In other words, the North Bay, with its HOV-2 lanes that stop after Sausalito, is not ideally suited to casual carpooling. While Northern Virginia has an entire reversible highway dedicated to HOV-3 that extend all the way from suburbs to job centers in Arlington and the District, complete with their own exits and with limited access, the North Bay has only a single HOV lane in either direction that requires drivers to slow from top speed to the speed of traffic in order to merge over to the exit, and which stops before reaching either the East Bay or San Francisco. Although it’s conceivable that a small, Maryland-style community could spring up in the North Bay with the right tools – an app, say, allowing potential carpoolers to mark off their home and destination – true casual carpooling will require a bit more intervention at the governmental level. As with everything, there are cheap and expensive solutions.
On the cheap side, just switching our HOV lanes to HOV-3 would be a boon, giving drivers a greater incentive to pick people up. Following up the switch with congestion pricing on both bridges applicable only to SOVs would prove a high-profile shot in the arm for any casual carpooling system. Given the hubbub over the last attempt to institute congestion pricing on the Golden Gate Bridge, the press would be wonderful. Instituting a peak-only HOV lane on the southbound side of the bridge would be another major reward for carpoolers: no more waiting in line at the toll plaza. Instituting congestion pricing at the Sonoma/Marin border or just north of Marinwood* would stimulate casual carpooling among Sonomans coming to Marin – our largest in-commuting population – and would raise millions for transit projects between the two counties.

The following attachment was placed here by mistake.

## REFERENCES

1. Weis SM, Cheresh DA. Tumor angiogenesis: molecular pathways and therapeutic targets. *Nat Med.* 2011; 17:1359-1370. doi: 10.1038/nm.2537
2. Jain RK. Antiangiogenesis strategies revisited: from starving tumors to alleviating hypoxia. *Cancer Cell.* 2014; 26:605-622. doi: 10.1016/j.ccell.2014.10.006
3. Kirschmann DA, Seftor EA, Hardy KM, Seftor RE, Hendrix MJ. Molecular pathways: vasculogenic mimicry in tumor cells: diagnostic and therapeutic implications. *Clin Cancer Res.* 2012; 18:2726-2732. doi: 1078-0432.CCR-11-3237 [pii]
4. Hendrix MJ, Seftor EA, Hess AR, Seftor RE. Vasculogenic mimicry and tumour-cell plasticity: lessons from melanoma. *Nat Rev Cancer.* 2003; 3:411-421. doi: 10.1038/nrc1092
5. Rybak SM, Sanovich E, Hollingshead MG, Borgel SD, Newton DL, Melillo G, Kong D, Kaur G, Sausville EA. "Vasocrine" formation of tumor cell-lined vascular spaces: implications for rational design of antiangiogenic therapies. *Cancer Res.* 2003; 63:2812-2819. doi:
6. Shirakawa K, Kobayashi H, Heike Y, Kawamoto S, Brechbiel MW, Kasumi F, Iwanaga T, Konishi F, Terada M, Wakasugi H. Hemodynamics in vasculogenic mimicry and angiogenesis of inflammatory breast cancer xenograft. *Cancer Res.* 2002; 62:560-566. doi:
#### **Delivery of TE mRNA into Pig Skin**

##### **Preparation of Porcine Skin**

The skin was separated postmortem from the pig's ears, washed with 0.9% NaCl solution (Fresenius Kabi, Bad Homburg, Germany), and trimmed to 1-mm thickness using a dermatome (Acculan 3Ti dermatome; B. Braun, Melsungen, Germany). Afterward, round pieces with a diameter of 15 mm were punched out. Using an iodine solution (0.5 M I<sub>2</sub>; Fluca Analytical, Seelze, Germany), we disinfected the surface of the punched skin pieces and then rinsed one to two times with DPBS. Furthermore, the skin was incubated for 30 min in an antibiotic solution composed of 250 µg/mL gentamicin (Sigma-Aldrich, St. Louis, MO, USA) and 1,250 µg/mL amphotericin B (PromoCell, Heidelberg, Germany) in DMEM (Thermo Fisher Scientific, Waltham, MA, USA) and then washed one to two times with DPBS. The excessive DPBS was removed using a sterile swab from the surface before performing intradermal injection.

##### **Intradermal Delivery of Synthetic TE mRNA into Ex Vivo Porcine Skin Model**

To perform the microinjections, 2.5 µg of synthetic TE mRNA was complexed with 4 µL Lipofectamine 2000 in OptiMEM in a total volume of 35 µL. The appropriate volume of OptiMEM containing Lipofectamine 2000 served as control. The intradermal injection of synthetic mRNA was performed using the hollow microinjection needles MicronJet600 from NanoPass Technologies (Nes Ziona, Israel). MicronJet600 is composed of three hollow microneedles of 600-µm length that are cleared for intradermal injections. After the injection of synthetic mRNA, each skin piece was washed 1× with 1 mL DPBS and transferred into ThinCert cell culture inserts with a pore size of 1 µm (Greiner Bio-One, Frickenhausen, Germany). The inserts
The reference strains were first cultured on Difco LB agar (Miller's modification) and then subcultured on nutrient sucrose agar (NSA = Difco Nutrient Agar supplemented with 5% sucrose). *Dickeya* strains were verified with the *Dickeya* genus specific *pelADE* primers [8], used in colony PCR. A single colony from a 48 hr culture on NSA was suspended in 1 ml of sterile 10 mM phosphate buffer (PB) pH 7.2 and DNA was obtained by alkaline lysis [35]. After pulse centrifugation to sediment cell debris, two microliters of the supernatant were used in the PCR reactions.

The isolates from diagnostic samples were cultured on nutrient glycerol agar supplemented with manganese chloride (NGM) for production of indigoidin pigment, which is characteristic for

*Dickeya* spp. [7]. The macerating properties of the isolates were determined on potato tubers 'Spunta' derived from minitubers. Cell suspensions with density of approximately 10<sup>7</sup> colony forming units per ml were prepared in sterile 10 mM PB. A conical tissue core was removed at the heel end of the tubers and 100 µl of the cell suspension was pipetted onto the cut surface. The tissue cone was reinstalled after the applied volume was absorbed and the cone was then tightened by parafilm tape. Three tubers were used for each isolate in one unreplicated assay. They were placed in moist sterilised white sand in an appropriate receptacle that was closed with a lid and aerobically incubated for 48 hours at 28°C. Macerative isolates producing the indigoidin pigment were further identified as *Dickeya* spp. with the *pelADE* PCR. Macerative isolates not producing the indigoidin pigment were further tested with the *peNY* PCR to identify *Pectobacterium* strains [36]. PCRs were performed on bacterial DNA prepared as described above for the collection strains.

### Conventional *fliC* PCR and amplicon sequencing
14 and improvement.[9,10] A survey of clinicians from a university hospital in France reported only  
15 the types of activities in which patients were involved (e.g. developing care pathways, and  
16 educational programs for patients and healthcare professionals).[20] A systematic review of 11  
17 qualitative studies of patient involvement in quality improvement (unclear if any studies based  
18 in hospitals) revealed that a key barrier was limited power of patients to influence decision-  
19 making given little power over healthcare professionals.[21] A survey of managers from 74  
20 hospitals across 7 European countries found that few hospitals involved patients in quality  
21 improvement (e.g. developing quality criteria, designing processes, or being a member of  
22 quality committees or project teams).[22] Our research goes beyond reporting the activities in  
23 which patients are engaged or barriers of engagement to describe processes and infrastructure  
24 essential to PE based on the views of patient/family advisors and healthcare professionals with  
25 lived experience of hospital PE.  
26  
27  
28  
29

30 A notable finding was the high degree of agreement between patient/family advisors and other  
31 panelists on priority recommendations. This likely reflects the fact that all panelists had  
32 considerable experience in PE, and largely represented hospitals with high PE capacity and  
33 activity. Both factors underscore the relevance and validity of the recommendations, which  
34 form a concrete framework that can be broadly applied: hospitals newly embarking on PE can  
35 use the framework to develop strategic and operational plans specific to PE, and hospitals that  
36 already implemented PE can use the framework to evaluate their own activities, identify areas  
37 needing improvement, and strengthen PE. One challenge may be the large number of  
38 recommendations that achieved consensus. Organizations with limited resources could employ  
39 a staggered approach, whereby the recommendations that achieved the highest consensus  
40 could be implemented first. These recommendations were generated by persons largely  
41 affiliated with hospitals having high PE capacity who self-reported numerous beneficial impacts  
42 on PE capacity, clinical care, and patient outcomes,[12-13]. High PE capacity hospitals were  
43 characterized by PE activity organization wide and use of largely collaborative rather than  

On the expensive side, CalTrans might consider combining Highway 101’s two carpool lanes into a single, reversible HOV freeway, complete with limited access and dedicated on/off ramps. This would make carpooling significantly safer and faster, and would have the added bonus of improving bus access along the freeway. The cost, however, would likely be upwards of $1 billion given the technical challenges of HOV exits and the cost so far just to extend regular HOV lanes.
It has been suggested that the app described above would help drive a casual carpooling renaissance, but the truth is that these networks typically form in response to everyday commute pressures – heavy traffic, centralized job centers – that ultimately come from structures either put in place by government or arising out of commuting physics. That’s not to say technology does not have a role to play – casual carpool networks often have websites to guide potential participants and there are a number of apps already in existence – but a truly robust system will be one that arises organically. Drivers will only take the time to pick up passengers when they can clearly see that it is worth their time or money to do so.
Casual carpooling in Virginia has been described as another transit system by the Virginia Department of Transportation, complementary to the existing Metrorail and bus systems. It certainly has a place in the highway-centered transportation systems of the US, but it will take work to implement in the North Bay.
*Most freeway traffic in Marin actually comes from Novato, not from Sonoma; although instituting congestion pricing there would be a political nonstarter, it would make the most sense from a practical standpoint.
For information on casual carpooling in the Bay Area, RideNow.org has a website dedicated to the local network. For information on ridesharing in the Bay Area, you might want to look into eRideshare.com. For information on how the slugging system works in Virginia, local NPR affiliate WAMU aired an hour-long segment on the subject, while local transit blog Greater Greater Washington has a number of posts on the subject.